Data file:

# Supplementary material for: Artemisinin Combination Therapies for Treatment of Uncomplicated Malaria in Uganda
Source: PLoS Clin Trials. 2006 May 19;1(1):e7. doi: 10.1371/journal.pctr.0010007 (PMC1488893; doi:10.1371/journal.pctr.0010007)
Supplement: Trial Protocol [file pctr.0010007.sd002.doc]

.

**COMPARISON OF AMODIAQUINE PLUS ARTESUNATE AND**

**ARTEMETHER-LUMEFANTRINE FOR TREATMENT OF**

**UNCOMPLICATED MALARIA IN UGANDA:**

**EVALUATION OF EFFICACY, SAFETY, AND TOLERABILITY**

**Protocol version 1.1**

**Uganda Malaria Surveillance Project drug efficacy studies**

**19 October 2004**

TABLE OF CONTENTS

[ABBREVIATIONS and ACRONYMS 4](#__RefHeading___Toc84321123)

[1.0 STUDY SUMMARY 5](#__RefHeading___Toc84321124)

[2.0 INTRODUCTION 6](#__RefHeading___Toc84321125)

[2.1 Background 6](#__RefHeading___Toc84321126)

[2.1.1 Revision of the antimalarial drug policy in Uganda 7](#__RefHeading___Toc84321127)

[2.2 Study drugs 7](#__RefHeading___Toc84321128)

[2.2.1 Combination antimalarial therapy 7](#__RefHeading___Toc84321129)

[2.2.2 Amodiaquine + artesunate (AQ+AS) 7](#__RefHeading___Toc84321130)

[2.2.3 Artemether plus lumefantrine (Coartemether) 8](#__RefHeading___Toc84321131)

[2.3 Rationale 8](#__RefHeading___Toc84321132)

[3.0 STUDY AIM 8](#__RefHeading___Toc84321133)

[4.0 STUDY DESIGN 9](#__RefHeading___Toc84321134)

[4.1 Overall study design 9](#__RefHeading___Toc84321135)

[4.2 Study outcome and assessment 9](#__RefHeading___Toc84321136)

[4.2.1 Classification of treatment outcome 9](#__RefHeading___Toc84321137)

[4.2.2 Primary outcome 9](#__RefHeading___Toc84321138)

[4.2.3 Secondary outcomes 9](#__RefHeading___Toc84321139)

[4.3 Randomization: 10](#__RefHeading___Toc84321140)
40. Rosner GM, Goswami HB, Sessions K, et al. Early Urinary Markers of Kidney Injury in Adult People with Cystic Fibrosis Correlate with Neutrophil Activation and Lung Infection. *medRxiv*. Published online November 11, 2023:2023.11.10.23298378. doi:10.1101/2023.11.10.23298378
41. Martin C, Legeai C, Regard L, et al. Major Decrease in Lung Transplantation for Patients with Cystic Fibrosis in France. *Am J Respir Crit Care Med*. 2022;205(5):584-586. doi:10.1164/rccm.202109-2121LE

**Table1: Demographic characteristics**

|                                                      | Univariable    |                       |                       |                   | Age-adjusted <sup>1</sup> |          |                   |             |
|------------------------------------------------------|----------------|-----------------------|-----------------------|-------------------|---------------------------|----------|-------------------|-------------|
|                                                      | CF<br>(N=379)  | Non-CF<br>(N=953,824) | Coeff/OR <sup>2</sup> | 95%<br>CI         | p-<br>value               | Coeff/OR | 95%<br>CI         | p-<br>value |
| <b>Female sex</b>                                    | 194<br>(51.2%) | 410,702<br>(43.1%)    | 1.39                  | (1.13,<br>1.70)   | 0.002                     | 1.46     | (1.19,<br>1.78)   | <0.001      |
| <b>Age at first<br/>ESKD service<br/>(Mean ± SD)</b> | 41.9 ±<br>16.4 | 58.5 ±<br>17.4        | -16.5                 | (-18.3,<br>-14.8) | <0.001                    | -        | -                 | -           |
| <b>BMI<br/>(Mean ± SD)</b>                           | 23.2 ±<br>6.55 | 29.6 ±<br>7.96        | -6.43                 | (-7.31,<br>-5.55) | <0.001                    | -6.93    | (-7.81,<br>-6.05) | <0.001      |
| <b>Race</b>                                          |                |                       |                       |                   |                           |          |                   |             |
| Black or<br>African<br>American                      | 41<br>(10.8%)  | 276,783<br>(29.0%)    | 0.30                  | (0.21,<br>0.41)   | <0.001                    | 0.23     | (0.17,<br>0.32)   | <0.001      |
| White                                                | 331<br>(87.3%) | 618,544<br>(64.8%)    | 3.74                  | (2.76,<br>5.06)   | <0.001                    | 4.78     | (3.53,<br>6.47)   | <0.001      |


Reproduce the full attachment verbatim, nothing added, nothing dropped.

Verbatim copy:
# Supplementary material for: Artemisinin Combination Therapies for Treatment of Uncomplicated Malaria in Uganda
Source: PLoS Clin Trials. 2006 May 19;1(1):e7. doi: 10.1371/journal.pctr.0010007 (PMC1488893; doi:10.1371/journal.pctr.0010007)
Supplement: Trial Protocol [file pctr.0010007.sd002.doc]

.

**COMPARISON OF AMODIAQUINE PLUS ARTESUNATE AND**

**ARTEMETHER-LUMEFANTRINE FOR TREATMENT OF**

**UNCOMPLICATED MALARIA IN UGANDA:**

**EVALUATION OF EFFICACY, SAFETY, AND TOLERABILITY**

**Protocol version 1.1**

**Uganda Malaria Surveillance Project drug efficacy studies**

**19 October 2004**

TABLE OF CONTENTS

[ABBREVIATIONS and ACRONYMS 4](#__RefHeading___Toc84321123)

[1.0 STUDY SUMMARY 5](#__RefHeading___Toc84321124)

[2.0 INTRODUCTION 6](#__RefHeading___Toc84321125)

[2.1 Background 6](#__RefHeading___Toc84321126)

[2.1.1 Revision of the antimalarial drug policy in Uganda 7](#__RefHeading___Toc84321127)

[2.2 Study drugs 7](#__RefHeading___Toc84321128)

[2.2.1 Combination antimalarial therapy 7](#__RefHeading___Toc84321129)

[2.2.2 Amodiaquine + artesunate (AQ+AS) 7](#__RefHeading___Toc84321130)

[2.2.3 Artemether plus lumefantrine (Coartemether) 8](#__RefHeading___Toc84321131)

[2.3 Rationale 8](#__RefHeading___Toc84321132)

[3.0 STUDY AIM 8](#__RefHeading___Toc84321133)

[4.0 STUDY DESIGN 9](#__RefHeading___Toc84321134)

[4.1 Overall study design 9](#__RefHeading___Toc84321135)

[4.2 Study outcome and assessment 9](#__RefHeading___Toc84321136)

[4.2.1 Classification of treatment outcome 9](#__RefHeading___Toc84321137)

[4.2.2 Primary outcome 9](#__RefHeading___Toc84321138)

[4.2.3 Secondary outcomes 9](#__RefHeading___Toc84321139)

[4.3 Randomization: 10](#__RefHeading___Toc84321140)
40. Rosner GM, Goswami HB, Sessions K, et al. Early Urinary Markers of Kidney Injury in Adult People with Cystic Fibrosis Correlate with Neutrophil Activation and Lung Infection. *medRxiv*. Published online November 11, 2023:2023.11.10.23298378. doi:10.1101/2023.11.10.23298378
41. Martin C, Legeai C, Regard L, et al. Major Decrease in Lung Transplantation for Patients with Cystic Fibrosis in France. *Am J Respir Crit Care Med*. 2022;205(5):584-586. doi:10.1164/rccm.202109-2121LE

**Table1: Demographic characteristics**

|                                                      | Univariable    |                       |                       |                   | Age-adjusted <sup>1</sup> |          |                   |             |
|------------------------------------------------------|----------------|-----------------------|-----------------------|-------------------|---------------------------|----------|-------------------|-------------|
|                                                      | CF<br>(N=379)  | Non-CF<br>(N=953,824) | Coeff/OR <sup>2</sup> | 95%<br>CI         | p-<br>value               | Coeff/OR | 95%<br>CI         | p-<br>value |
| <b>Female sex</b>                                    | 194<br>(51.2%) | 410,702<br>(43.1%)    | 1.39                  | (1.13,<br>1.70)   | 0.002                     | 1.46     | (1.19,<br>1.78)   | <0.001      |
| <b>Age at first<br/>ESKD service<br/>(Mean ± SD)</b> | 41.9 ±<br>16.4 | 58.5 ±<br>17.4        | -16.5                 | (-18.3,<br>-14.8) | <0.001                    | -        | -                 | -           |
| <b>BMI<br/>(Mean ± SD)</b>                           | 23.2 ±<br>6.55 | 29.6 ±<br>7.96        | -6.43                 | (-7.31,<br>-5.55) | <0.001                    | -6.93    | (-7.81,<br>-6.05) | <0.001      |
| <b>Race</b>                                          |                |                       |                       |                   |                           |          |                   |             |
| Black or<br>African<br>American                      | 41<br>(10.8%)  | 276,783<br>(29.0%)    | 0.30                  | (0.21,<br>0.41)   | <0.001                    | 0.23     | (0.17,<br>0.32)   | <0.001      |
| White                                                | 331<br>(87.3%) | 618,544<br>(64.8%)    | 3.74                  | (2.76,<br>5.06)   | <0.001                    | 4.78     | (3.53,<br>6.47)   | <0.001      |